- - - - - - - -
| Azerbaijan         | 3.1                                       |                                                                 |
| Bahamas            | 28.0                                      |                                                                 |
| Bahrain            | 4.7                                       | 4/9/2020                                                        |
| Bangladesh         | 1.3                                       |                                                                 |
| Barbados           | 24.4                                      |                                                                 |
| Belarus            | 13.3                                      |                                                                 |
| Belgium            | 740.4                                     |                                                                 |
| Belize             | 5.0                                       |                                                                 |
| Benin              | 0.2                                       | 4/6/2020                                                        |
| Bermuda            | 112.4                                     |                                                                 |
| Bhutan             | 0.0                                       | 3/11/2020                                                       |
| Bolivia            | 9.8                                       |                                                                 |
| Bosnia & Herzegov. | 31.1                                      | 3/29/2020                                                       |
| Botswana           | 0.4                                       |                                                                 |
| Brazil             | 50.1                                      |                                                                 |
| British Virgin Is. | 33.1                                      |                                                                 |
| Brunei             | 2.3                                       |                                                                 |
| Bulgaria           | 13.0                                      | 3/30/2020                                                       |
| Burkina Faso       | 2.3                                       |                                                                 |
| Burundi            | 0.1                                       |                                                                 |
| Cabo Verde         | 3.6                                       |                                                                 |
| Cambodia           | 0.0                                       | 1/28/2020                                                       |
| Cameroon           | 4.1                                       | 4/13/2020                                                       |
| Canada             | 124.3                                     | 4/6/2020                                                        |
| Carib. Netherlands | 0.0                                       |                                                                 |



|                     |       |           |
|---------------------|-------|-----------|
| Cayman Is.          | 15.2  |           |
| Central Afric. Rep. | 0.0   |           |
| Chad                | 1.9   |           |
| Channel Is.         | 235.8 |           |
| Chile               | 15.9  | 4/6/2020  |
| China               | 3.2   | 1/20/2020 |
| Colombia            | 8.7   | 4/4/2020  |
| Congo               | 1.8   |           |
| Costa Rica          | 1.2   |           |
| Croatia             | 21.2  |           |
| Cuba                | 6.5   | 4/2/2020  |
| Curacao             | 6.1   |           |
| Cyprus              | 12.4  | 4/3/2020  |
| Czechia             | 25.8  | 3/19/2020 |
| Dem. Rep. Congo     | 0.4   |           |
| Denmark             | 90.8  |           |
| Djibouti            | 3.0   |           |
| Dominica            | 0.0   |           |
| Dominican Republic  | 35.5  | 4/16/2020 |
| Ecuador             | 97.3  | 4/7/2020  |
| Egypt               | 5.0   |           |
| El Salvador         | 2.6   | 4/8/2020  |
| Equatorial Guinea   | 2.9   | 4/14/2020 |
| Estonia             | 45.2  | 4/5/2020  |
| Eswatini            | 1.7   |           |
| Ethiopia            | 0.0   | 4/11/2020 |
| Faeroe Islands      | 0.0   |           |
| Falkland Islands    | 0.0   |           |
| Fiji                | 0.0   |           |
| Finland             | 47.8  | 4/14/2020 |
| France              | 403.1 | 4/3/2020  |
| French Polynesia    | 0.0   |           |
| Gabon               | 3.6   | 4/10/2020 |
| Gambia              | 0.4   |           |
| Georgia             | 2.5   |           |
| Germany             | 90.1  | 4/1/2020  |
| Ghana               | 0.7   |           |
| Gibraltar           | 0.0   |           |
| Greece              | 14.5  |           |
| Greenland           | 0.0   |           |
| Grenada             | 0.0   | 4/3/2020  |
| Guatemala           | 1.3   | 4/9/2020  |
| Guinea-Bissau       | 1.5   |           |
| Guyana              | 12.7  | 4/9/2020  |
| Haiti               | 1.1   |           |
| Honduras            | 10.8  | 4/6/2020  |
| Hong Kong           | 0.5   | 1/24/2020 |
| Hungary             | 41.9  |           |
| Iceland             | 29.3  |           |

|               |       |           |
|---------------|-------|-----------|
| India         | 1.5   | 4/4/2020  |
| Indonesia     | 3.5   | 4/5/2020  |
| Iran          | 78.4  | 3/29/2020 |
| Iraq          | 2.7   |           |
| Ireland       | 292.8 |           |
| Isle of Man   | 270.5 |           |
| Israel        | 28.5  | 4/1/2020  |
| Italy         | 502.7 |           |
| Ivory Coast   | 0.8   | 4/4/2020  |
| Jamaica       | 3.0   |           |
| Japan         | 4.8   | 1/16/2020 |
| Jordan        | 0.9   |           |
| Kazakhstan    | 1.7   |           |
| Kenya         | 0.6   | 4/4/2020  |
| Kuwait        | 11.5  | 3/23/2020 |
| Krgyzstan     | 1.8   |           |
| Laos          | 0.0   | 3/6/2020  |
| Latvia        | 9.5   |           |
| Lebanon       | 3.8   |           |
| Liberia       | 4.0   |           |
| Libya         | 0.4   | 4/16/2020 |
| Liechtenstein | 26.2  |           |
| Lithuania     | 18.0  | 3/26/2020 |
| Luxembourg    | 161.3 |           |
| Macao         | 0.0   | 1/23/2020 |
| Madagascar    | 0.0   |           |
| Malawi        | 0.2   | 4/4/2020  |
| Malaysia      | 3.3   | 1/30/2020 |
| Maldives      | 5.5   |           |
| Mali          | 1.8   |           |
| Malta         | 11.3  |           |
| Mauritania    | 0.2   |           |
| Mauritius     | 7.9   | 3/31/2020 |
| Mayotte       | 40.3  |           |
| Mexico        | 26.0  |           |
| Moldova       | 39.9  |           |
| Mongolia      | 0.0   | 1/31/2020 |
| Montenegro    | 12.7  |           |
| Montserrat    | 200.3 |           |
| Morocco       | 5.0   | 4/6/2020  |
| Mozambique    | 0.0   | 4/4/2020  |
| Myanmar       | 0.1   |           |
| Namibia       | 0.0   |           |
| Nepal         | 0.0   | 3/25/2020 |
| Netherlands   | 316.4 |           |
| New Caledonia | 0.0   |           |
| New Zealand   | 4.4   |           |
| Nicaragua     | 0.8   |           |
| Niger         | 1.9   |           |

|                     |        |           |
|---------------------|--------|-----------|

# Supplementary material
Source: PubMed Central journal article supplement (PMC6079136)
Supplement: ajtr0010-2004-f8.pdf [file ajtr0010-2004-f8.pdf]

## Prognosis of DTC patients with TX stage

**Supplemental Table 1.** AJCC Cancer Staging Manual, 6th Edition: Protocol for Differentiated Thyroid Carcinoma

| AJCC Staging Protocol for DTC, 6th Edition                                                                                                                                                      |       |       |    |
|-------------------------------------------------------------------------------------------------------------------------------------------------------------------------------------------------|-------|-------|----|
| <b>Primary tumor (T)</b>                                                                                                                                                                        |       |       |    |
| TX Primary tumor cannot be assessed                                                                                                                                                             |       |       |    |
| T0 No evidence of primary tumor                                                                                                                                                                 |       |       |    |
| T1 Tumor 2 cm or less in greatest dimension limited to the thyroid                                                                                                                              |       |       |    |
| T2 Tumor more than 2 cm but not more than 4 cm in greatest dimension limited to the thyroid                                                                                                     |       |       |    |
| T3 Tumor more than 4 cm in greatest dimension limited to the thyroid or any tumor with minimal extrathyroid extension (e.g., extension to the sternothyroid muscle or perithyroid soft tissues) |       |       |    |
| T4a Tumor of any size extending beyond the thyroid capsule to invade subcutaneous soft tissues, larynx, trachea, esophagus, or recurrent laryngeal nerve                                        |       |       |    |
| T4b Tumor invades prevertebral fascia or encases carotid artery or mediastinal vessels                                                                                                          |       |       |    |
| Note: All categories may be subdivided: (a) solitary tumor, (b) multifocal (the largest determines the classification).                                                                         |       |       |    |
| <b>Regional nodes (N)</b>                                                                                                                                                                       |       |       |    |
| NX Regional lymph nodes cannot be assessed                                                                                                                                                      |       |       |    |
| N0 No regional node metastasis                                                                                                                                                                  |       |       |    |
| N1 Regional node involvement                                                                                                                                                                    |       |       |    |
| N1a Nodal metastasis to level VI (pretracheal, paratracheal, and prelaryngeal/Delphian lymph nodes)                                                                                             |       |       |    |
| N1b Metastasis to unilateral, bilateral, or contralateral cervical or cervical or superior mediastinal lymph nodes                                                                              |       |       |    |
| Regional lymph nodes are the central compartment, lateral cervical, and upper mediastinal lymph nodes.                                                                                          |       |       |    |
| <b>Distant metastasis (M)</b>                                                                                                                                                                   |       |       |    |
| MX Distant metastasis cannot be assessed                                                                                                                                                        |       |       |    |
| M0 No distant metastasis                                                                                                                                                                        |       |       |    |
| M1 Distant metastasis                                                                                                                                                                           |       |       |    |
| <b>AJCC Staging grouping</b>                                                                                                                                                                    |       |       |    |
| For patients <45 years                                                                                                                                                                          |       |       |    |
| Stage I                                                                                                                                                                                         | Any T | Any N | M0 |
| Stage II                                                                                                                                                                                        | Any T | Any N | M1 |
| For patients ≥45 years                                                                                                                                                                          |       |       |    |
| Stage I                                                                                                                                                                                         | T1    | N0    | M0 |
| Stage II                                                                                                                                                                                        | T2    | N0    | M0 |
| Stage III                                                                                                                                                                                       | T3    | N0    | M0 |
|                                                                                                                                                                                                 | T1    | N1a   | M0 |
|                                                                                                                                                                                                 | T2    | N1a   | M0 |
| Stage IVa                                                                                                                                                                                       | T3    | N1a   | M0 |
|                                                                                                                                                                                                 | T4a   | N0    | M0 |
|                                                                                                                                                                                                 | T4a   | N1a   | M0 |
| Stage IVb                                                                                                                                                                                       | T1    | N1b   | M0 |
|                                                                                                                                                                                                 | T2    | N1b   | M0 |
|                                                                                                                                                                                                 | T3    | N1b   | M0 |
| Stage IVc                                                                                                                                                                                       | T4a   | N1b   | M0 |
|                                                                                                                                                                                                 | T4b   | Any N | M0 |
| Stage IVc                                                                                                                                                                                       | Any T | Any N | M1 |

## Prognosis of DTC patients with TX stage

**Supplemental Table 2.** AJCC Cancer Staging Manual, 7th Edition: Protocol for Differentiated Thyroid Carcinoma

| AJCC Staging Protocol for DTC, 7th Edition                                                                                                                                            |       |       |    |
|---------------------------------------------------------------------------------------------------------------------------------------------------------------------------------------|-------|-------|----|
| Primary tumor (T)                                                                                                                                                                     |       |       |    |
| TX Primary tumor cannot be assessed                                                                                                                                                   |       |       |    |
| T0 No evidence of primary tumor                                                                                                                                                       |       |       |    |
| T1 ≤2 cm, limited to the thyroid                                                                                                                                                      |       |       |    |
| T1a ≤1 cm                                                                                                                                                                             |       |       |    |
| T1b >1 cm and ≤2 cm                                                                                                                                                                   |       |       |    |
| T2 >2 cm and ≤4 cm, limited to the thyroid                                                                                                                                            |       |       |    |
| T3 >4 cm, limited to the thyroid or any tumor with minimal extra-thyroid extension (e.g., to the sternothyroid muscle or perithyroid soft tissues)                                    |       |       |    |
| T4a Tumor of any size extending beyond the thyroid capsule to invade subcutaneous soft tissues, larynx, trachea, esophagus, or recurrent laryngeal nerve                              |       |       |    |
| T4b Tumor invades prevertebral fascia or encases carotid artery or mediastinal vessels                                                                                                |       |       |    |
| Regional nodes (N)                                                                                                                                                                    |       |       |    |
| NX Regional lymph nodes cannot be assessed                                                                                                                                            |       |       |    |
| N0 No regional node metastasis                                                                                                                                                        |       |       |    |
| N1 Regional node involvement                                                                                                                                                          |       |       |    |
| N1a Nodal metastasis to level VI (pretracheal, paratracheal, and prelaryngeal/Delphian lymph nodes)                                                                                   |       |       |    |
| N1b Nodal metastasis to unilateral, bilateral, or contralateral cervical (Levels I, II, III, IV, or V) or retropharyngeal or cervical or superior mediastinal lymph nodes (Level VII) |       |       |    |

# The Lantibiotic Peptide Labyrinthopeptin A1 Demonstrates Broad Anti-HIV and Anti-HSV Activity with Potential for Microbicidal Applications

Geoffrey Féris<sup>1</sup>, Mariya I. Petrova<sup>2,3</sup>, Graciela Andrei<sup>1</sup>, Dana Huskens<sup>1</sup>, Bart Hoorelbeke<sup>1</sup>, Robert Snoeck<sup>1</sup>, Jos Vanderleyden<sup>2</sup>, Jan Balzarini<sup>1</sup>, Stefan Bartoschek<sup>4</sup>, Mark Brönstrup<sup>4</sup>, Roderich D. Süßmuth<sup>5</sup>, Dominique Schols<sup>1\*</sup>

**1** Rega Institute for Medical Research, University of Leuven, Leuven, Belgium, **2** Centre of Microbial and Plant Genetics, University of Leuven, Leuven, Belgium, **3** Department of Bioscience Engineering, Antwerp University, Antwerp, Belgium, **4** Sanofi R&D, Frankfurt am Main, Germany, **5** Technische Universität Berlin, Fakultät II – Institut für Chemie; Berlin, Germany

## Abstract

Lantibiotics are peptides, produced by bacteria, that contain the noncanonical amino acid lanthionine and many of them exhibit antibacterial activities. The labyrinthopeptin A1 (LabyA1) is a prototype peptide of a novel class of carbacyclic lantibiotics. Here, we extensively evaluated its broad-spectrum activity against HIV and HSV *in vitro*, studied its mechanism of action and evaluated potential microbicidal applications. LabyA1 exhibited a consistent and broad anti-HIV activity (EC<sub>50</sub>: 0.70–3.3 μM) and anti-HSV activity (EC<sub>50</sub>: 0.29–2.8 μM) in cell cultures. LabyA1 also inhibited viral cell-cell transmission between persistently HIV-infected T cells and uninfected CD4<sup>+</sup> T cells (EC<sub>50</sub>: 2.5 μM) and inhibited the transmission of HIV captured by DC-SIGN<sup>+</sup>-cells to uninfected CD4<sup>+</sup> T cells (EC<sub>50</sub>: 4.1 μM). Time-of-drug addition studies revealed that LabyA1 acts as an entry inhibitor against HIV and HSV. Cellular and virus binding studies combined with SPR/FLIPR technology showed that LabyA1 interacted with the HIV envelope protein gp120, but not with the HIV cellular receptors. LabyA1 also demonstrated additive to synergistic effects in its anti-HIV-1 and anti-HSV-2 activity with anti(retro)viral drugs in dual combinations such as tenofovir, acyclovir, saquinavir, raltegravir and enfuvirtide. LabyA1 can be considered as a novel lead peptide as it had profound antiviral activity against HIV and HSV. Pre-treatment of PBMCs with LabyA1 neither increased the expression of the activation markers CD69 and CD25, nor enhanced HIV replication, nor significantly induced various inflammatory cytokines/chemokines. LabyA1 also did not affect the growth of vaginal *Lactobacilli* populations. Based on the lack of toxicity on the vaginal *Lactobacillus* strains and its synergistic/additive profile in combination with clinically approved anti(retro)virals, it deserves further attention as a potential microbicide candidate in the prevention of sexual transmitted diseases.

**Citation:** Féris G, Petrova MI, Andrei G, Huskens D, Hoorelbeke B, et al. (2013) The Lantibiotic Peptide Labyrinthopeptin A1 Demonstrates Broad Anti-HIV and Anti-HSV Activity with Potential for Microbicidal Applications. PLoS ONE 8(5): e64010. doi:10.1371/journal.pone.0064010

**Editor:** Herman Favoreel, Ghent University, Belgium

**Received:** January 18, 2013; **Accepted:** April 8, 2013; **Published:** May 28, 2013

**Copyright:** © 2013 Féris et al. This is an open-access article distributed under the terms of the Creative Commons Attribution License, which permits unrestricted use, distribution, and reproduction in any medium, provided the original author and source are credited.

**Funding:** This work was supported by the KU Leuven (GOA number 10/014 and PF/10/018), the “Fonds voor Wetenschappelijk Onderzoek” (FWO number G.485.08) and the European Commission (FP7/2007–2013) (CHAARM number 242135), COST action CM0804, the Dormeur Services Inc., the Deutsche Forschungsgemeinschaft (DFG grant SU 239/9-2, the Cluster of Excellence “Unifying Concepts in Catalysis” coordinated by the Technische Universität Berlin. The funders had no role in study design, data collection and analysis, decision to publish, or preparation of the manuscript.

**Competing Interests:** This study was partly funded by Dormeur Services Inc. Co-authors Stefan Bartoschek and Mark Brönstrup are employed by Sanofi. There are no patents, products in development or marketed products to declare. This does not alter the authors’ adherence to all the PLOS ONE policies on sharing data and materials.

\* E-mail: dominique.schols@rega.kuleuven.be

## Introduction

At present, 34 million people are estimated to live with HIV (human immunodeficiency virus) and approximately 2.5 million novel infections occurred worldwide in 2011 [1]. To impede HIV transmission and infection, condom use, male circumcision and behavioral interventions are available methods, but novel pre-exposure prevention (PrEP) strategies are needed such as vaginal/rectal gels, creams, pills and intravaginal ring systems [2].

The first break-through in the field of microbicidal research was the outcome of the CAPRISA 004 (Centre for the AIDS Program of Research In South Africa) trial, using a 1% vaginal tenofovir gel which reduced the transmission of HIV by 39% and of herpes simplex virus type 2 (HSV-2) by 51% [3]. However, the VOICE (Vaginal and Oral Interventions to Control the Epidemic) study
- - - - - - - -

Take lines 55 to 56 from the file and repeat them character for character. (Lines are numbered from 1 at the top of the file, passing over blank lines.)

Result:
| Falkland Islands    | 0.0   |           |
| Fiji                | 0.0   |           |